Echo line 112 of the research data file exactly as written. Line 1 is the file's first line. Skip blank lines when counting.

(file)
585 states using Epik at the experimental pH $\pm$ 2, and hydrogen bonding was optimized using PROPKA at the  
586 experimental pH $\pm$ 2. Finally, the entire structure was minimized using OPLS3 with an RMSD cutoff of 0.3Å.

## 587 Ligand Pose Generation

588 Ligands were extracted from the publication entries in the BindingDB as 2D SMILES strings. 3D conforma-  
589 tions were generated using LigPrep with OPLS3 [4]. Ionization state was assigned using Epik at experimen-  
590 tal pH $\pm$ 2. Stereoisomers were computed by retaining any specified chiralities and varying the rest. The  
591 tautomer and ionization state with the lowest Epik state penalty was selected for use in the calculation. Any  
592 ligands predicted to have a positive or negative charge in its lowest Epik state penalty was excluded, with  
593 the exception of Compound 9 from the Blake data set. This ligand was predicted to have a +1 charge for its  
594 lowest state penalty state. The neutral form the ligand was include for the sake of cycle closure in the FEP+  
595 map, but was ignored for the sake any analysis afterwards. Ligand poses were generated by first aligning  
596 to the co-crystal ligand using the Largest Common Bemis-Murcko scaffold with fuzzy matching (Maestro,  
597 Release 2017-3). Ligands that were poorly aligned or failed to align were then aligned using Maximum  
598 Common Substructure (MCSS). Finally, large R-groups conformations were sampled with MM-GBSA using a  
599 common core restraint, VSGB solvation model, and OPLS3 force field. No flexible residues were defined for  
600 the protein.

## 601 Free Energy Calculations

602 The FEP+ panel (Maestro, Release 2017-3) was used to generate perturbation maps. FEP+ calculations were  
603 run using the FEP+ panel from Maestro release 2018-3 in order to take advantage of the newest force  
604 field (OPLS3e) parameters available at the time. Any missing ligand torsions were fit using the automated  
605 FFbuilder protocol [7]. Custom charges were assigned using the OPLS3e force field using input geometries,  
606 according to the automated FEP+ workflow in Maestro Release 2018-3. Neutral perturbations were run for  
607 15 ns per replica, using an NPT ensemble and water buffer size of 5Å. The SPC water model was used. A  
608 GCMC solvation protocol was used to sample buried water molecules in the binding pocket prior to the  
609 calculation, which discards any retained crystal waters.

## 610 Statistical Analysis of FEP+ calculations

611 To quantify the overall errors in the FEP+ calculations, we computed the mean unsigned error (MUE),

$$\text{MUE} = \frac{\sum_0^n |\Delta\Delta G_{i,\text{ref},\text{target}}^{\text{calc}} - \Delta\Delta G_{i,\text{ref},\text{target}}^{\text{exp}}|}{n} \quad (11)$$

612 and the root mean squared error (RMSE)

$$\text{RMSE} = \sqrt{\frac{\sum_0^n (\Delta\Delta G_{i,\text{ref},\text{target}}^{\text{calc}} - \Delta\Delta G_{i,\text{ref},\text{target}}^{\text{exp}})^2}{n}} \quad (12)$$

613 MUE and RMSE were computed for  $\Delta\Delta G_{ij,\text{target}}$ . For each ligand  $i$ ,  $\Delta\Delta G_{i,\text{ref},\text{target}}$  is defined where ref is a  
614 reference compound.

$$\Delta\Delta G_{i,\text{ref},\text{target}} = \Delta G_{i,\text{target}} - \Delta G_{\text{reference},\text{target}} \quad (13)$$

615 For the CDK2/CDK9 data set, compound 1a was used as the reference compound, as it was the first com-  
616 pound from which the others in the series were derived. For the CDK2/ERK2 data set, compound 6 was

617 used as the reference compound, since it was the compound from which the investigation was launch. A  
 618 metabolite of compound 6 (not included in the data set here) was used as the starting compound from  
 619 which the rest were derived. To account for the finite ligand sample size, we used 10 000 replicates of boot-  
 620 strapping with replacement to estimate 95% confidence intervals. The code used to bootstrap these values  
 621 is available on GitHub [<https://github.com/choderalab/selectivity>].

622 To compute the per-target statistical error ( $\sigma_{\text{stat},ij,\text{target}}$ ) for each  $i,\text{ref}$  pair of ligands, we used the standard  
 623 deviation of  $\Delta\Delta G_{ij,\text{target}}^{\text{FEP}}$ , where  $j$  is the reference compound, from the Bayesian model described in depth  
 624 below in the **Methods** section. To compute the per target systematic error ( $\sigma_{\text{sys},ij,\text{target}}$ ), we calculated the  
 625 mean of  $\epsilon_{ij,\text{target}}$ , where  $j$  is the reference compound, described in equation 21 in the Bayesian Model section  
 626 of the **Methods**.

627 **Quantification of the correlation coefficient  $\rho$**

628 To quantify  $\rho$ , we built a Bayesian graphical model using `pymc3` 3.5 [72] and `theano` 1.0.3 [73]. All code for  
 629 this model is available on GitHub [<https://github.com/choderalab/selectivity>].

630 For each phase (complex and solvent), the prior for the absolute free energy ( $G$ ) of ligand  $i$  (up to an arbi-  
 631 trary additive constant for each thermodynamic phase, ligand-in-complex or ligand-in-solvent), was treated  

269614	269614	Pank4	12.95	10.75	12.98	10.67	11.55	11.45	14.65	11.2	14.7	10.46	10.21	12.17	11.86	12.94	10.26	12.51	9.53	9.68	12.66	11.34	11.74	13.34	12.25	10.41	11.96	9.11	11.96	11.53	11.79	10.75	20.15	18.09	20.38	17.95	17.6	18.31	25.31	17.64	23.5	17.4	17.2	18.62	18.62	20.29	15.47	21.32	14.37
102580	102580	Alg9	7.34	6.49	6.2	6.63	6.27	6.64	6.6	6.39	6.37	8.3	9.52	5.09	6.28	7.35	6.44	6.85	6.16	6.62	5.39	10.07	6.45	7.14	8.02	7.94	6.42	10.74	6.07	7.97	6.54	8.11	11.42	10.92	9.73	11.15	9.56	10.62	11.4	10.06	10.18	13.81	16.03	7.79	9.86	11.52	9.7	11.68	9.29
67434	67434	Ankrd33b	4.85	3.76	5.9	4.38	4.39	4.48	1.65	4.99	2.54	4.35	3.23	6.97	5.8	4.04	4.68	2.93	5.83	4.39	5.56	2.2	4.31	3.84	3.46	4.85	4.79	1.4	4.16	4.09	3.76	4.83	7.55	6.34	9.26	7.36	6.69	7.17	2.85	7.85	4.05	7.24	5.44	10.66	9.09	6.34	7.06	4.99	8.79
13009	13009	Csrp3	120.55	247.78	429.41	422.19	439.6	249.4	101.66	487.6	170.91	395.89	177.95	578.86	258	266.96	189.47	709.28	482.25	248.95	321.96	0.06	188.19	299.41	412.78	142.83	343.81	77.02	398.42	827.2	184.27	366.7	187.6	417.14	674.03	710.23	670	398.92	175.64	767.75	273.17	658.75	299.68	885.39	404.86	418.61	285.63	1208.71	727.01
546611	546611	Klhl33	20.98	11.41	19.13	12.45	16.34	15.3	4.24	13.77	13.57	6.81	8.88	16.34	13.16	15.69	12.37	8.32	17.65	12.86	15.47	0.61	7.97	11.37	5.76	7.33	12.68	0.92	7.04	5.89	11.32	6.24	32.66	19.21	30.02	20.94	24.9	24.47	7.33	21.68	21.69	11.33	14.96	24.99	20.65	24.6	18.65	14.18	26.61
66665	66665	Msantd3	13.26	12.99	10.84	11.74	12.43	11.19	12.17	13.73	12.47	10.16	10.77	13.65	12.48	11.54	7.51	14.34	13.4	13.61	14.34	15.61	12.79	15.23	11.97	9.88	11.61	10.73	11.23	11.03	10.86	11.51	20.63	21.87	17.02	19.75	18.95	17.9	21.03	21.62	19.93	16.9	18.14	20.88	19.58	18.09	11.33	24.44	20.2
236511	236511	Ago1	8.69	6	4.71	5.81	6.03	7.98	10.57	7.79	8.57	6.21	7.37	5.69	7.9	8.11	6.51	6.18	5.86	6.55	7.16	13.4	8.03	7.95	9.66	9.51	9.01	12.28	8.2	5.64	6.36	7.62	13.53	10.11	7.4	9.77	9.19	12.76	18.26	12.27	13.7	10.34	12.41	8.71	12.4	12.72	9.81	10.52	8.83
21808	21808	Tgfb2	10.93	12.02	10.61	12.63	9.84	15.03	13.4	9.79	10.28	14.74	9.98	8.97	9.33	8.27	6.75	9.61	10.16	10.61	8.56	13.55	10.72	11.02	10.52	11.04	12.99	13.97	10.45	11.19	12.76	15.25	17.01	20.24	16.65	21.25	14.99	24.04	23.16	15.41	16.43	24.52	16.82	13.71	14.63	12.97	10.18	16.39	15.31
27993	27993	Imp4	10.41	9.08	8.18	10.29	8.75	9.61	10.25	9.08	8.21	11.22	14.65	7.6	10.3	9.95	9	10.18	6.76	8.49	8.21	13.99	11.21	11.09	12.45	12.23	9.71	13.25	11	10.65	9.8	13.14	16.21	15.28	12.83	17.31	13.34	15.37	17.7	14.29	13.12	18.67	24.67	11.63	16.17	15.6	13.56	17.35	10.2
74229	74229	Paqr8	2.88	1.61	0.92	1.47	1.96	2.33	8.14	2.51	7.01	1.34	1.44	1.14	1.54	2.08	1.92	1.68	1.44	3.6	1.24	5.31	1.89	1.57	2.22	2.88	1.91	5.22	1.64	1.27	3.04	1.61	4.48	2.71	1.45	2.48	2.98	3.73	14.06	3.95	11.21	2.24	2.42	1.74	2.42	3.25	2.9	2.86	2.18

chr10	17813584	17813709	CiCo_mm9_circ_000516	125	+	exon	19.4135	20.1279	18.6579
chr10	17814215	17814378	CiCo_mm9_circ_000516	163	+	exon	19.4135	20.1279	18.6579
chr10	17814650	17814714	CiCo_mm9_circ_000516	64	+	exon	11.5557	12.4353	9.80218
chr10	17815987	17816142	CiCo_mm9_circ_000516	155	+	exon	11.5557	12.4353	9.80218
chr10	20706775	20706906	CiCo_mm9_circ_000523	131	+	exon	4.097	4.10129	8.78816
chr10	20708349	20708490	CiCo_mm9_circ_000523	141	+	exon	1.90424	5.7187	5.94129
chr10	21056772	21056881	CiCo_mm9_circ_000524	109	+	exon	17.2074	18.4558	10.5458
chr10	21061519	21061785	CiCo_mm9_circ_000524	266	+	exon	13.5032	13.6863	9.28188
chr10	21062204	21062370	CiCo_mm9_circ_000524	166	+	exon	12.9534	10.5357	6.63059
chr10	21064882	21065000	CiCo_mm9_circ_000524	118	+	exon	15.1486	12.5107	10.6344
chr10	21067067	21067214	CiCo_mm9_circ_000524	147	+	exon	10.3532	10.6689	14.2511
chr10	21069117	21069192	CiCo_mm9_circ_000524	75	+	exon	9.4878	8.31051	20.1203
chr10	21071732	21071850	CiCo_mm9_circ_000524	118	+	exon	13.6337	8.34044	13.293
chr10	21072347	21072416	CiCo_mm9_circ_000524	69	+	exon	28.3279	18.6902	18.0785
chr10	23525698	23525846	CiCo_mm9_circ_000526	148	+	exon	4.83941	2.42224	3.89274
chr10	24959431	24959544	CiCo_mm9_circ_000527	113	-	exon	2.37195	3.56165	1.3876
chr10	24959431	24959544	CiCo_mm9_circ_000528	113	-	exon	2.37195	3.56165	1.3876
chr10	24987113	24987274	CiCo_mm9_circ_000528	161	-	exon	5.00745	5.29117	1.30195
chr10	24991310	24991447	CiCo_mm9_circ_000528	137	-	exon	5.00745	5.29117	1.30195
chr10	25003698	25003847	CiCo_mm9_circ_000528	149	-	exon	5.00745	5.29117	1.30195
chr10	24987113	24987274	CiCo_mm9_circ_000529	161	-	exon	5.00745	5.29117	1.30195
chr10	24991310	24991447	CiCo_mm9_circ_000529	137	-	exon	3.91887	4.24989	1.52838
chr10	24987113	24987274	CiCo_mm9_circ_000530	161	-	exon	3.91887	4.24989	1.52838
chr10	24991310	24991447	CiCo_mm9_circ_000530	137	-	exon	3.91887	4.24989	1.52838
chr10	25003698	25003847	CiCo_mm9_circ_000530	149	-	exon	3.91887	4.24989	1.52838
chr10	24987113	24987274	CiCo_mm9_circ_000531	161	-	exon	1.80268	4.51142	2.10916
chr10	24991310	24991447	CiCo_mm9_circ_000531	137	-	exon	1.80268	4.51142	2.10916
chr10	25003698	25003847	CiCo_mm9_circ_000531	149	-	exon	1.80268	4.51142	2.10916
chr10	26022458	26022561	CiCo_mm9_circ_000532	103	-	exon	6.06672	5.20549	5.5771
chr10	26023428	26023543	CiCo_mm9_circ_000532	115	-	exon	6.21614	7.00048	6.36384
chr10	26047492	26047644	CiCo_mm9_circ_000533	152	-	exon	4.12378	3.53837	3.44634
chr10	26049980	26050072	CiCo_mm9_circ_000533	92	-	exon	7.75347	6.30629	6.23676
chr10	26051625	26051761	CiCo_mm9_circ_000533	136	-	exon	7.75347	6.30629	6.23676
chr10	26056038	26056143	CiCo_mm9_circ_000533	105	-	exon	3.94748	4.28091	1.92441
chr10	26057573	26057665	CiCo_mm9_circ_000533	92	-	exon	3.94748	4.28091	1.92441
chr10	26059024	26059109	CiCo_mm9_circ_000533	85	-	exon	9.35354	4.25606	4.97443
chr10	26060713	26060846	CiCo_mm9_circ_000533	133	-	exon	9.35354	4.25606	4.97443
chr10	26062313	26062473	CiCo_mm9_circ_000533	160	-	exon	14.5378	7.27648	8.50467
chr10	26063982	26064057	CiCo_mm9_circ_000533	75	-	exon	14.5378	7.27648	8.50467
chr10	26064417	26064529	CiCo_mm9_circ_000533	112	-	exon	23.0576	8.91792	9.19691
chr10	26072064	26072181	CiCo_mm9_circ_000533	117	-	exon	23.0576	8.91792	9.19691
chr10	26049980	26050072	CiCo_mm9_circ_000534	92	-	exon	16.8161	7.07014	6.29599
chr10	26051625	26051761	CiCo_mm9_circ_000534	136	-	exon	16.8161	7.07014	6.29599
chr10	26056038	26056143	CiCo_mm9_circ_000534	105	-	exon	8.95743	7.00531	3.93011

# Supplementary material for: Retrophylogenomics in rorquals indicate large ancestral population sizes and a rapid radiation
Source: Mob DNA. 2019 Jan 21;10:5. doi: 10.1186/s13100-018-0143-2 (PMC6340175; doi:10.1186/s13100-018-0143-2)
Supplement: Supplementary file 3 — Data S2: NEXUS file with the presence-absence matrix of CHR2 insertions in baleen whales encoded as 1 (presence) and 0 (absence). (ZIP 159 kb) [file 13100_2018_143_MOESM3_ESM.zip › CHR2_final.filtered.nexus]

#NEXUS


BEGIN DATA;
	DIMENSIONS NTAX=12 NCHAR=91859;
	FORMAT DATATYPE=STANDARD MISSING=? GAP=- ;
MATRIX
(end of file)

MATRIX